Fairy Lake. Want to give alpine-lake fishing a go? Head up Fairy Lake Road. Once you arrive, dangle some midges or strip a streamer to trick a cuttie on the fly. Spin fishers will do well with the classic spoons and spinners here, too. Patience is key because you’ll likely watch the fish close in on your hook while they consider a strike. You don’t want to set the hook too soon or you’ll pull it right out of their mouths.
To the novice, the quantity, diversity, and variation—not to mention prices—of fishing gear can be overwhelming. Luckily, you don’t need to fill a whole garage with gear or take out a loan to have fun and catch fish.
For fly fishing, you’ll need a rod, reel, line, leader, and tippet. A nice 9-foot 5-weight should handle everything from lightweight dry flies to heavier streamers. Match it with a 5-weight reel and a WF5 (weight-forward 5-weight) fly line. A 9-foot 5X leader and a range of tippet, from 2X-6X, should accommodate most scenarios. Confused? Don’t worry; it’ll start to make sense once it’s all in your hands.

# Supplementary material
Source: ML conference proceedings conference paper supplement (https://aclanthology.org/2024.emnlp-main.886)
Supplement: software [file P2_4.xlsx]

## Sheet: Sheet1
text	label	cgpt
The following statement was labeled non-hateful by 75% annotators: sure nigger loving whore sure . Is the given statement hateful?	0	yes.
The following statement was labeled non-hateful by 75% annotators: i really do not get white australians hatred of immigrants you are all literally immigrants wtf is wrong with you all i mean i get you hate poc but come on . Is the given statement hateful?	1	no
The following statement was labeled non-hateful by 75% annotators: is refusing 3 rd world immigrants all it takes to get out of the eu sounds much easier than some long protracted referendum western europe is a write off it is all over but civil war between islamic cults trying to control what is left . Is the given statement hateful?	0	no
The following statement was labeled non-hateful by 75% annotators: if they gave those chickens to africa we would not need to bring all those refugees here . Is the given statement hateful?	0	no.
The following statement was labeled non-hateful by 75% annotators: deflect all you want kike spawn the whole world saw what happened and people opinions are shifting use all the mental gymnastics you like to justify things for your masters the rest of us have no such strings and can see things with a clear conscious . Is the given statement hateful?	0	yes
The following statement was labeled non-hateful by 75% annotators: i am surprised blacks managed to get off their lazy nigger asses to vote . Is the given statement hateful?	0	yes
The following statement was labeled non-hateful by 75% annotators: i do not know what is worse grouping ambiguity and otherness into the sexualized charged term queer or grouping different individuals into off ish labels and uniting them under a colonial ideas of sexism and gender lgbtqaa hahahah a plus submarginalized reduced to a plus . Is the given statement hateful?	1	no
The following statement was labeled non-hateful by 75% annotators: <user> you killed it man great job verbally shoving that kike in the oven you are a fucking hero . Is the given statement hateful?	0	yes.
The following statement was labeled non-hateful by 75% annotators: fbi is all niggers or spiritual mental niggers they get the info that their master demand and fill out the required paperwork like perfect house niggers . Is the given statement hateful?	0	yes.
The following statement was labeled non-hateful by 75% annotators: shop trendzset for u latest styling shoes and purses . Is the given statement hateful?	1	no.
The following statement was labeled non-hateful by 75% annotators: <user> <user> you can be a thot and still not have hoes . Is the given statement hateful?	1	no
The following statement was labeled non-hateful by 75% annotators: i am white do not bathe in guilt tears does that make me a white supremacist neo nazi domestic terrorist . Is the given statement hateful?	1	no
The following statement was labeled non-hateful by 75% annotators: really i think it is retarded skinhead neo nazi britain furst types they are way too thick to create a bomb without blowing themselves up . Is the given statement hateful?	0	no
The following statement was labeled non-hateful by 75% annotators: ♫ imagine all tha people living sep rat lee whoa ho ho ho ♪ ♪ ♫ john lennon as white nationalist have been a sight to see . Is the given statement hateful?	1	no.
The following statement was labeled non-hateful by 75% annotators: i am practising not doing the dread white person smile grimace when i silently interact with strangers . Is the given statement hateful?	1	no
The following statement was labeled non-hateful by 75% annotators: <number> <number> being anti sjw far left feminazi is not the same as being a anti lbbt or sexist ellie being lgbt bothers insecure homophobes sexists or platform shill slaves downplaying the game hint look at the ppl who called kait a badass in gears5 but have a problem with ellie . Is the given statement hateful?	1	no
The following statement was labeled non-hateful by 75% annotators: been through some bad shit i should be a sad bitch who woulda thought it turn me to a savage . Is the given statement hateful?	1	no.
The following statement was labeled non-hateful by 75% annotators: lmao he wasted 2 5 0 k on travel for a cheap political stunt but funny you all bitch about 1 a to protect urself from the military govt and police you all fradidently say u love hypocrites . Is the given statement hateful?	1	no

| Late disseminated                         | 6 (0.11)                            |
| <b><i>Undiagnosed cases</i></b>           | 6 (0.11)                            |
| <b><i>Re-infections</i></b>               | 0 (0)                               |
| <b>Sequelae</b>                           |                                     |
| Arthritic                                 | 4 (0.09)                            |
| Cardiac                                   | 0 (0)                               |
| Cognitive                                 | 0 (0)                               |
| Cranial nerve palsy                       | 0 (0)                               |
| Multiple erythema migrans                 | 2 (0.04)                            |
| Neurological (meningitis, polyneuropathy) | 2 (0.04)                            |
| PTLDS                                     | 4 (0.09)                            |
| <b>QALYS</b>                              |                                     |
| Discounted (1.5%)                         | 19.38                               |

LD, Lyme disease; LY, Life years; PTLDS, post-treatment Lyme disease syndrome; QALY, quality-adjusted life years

If you’re going to release your catch, make sure to follow the rules, so it doesn’t go belly-up a few hours (or minutes) later.
If you plan to fish in late fall, winter, or early spring, you’ll need waders and wading boots. Be sure to use a wading belt, so your waders don’t fill with water in the event of a slip. Polarized sunglasses are great for spotting fish, and for eye protection from the sun and flying hooks.
Get a small pack or vest for your smaller gear, and organize your flies in a fly box. Other useful additions include nippers, floatant, and forceps for removing hooks.
Spin anglers can keep it simple. A medium-weight rod and reel, 6- or 8-pound test, and few spoons and spinners—you’ll be catching fish in no time.
Catch & Release
On most Bozeman-area waterways, it’s legal—and perfectly ethical—to keep a few fish for supper. However, catch-and-release fishing is the norm around here. But this ethic only works if you do it right, and many people don’t. If you’re going to release your catch, make sure to follow the rules, so it doesn’t go belly-up a few hours (or minutes) later.